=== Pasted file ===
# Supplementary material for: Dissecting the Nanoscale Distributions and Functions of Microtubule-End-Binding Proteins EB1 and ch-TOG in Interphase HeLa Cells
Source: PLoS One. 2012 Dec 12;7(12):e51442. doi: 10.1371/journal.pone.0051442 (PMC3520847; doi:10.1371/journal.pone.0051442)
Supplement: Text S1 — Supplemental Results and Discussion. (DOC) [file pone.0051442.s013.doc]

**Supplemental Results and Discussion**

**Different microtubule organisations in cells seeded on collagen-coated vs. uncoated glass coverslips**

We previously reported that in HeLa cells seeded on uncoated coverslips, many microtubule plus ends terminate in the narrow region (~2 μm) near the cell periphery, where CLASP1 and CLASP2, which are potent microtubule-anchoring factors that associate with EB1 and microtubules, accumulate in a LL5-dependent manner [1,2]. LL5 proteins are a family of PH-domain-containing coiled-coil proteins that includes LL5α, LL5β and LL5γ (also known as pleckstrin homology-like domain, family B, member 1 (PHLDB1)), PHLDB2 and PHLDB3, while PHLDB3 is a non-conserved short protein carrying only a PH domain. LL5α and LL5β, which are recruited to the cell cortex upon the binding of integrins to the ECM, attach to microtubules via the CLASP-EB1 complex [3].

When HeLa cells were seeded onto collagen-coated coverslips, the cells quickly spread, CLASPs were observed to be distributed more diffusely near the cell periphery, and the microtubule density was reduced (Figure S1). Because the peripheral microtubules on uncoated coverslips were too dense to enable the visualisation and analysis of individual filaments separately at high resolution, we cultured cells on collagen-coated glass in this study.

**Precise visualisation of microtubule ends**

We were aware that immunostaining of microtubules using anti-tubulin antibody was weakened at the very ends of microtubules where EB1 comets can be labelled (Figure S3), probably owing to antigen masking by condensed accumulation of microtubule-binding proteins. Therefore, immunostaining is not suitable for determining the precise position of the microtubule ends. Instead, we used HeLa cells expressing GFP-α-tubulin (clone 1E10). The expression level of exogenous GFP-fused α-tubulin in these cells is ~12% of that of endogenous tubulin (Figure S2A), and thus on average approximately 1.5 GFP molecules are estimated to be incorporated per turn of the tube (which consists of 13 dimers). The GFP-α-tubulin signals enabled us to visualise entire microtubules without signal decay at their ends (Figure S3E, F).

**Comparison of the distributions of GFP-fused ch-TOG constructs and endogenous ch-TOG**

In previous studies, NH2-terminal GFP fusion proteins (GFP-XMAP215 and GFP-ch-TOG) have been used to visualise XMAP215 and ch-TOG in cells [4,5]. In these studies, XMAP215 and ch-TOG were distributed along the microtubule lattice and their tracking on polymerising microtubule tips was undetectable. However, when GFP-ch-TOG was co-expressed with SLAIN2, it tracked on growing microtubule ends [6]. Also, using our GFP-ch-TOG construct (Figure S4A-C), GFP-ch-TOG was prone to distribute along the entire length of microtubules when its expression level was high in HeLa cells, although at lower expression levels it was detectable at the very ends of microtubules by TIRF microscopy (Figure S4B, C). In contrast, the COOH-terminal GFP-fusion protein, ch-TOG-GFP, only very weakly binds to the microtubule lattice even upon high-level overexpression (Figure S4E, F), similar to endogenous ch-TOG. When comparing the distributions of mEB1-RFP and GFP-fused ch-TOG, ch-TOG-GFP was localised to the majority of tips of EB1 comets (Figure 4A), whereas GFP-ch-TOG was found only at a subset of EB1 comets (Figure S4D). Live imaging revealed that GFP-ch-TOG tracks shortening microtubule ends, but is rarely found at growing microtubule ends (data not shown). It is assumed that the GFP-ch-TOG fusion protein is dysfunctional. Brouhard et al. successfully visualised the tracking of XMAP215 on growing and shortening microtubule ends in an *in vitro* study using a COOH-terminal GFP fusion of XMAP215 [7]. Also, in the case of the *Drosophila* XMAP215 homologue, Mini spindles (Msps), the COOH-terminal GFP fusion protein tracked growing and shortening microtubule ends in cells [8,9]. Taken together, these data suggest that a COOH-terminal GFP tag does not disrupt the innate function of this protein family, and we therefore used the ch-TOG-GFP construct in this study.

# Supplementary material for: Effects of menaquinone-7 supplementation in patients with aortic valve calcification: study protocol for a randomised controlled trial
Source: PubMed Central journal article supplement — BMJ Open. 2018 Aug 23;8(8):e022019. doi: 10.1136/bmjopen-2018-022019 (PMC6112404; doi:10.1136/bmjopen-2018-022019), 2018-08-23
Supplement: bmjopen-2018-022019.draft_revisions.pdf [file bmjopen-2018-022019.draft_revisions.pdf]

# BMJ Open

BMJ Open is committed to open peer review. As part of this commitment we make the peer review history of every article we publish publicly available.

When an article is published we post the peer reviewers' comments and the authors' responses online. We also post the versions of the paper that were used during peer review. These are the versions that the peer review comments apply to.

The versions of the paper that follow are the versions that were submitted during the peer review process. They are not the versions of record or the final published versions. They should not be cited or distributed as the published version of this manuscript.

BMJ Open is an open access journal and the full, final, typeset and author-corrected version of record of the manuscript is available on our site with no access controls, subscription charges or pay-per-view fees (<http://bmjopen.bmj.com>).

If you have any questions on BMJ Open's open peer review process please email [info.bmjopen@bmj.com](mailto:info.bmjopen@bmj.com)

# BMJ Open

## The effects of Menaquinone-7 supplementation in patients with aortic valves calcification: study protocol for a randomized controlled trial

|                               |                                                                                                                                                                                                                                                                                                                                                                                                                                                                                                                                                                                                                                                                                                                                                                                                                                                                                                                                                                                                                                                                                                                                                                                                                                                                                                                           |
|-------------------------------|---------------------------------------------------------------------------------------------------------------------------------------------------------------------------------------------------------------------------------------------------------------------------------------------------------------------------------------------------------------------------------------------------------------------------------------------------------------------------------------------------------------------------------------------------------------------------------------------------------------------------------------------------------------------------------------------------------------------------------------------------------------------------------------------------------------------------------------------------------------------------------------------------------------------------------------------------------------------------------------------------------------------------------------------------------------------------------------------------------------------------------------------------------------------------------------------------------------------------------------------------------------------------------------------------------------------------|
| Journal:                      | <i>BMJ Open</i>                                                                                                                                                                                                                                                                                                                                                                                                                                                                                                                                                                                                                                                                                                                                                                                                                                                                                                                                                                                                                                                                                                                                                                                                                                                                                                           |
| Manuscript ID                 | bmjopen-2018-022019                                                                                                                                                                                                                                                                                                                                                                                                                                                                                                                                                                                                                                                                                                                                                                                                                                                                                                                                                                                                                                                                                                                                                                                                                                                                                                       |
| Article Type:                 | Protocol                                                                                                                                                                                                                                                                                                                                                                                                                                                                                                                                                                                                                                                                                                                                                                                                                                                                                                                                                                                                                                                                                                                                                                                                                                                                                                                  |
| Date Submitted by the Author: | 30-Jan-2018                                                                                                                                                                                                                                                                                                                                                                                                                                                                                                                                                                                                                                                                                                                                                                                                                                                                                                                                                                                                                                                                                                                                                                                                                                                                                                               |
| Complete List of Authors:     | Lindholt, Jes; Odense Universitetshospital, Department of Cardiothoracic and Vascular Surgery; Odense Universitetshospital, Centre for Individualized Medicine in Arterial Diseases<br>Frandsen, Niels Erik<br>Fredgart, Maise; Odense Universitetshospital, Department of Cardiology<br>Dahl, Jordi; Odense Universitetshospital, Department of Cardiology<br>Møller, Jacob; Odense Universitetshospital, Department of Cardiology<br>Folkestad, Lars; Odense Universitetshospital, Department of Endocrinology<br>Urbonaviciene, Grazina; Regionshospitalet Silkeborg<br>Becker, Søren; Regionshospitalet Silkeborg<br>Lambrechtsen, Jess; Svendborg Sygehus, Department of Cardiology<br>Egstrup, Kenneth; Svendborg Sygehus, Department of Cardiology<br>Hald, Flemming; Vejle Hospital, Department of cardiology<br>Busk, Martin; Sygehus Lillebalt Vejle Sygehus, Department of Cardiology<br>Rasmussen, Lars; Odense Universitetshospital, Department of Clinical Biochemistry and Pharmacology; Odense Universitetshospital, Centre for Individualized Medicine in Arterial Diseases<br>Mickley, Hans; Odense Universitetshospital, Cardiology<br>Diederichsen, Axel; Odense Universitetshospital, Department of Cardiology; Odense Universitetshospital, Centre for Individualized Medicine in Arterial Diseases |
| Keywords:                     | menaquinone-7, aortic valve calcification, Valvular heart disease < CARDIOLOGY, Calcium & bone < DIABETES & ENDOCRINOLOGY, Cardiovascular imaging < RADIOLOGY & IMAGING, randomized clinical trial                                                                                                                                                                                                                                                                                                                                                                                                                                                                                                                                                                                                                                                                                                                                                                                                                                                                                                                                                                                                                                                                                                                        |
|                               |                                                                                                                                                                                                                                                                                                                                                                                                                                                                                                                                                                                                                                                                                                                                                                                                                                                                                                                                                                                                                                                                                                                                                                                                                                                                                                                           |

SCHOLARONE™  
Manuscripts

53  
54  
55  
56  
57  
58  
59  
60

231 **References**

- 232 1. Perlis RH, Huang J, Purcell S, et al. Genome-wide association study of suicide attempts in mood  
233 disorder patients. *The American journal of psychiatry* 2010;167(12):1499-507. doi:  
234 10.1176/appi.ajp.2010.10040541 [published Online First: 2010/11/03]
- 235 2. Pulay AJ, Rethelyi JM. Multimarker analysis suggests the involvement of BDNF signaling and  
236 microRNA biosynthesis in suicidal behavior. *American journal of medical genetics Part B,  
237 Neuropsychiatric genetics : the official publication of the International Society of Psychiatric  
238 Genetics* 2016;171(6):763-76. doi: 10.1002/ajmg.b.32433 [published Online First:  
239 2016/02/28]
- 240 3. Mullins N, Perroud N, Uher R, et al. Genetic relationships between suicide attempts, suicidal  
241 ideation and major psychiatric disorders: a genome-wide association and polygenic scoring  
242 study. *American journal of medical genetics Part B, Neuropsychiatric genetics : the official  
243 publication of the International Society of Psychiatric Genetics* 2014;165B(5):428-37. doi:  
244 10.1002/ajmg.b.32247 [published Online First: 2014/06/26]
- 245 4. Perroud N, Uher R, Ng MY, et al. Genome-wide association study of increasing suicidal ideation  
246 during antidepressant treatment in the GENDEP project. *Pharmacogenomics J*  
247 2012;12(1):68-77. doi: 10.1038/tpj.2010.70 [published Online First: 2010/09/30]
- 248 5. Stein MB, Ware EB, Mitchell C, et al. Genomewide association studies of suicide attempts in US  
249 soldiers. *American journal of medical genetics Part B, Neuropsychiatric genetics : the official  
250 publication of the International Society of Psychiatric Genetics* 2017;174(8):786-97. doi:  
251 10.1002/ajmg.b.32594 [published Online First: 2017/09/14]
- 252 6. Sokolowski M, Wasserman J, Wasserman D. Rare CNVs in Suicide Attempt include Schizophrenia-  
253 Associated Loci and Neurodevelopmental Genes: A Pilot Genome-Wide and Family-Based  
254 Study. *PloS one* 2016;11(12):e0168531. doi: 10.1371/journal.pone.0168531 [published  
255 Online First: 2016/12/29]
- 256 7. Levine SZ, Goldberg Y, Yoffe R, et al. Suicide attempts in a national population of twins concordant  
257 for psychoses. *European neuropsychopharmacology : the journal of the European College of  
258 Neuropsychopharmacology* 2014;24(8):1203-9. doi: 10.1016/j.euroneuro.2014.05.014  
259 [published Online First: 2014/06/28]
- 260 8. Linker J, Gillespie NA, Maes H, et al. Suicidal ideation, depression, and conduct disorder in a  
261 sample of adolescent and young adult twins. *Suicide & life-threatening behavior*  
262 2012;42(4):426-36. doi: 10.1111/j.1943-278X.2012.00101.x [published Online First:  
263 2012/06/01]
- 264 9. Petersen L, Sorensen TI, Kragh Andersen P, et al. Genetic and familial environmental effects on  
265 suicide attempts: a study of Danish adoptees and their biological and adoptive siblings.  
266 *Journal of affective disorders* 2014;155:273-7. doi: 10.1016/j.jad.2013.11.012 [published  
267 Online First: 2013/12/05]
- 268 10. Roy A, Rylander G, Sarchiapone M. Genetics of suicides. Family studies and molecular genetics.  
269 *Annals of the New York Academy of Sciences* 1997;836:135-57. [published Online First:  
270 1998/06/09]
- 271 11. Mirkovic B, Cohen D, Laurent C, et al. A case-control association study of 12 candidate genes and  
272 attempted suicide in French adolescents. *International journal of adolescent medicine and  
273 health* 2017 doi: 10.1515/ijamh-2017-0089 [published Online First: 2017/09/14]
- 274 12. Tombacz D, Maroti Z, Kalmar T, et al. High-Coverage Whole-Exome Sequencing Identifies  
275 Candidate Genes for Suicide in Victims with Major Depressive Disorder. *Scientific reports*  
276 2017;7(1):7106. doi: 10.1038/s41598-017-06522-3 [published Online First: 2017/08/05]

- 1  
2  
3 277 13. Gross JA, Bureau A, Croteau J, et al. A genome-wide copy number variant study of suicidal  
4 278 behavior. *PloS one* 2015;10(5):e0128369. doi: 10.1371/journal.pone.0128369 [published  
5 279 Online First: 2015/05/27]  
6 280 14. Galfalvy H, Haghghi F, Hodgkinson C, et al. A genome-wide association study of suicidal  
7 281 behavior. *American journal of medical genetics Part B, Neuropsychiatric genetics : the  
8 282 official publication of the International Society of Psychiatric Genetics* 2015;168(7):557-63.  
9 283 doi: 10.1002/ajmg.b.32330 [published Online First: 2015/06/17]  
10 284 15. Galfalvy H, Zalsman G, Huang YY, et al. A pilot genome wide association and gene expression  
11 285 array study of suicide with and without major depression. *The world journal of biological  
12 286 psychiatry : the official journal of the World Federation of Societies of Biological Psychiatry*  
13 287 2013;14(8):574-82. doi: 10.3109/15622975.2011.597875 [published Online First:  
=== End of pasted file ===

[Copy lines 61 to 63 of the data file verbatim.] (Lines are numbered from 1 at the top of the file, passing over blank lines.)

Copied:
250 publication of the International Society of Psychiatric Genetics* 2017;174(8):786-97. doi:  
251 10.1002/ajmg.b.32594 [published Online First: 2017/09/14]
- 252 6. Sokolowski M, Wasserman J, Wasserman D. Rare CNVs in Suicide Attempt include Schizophrenia-  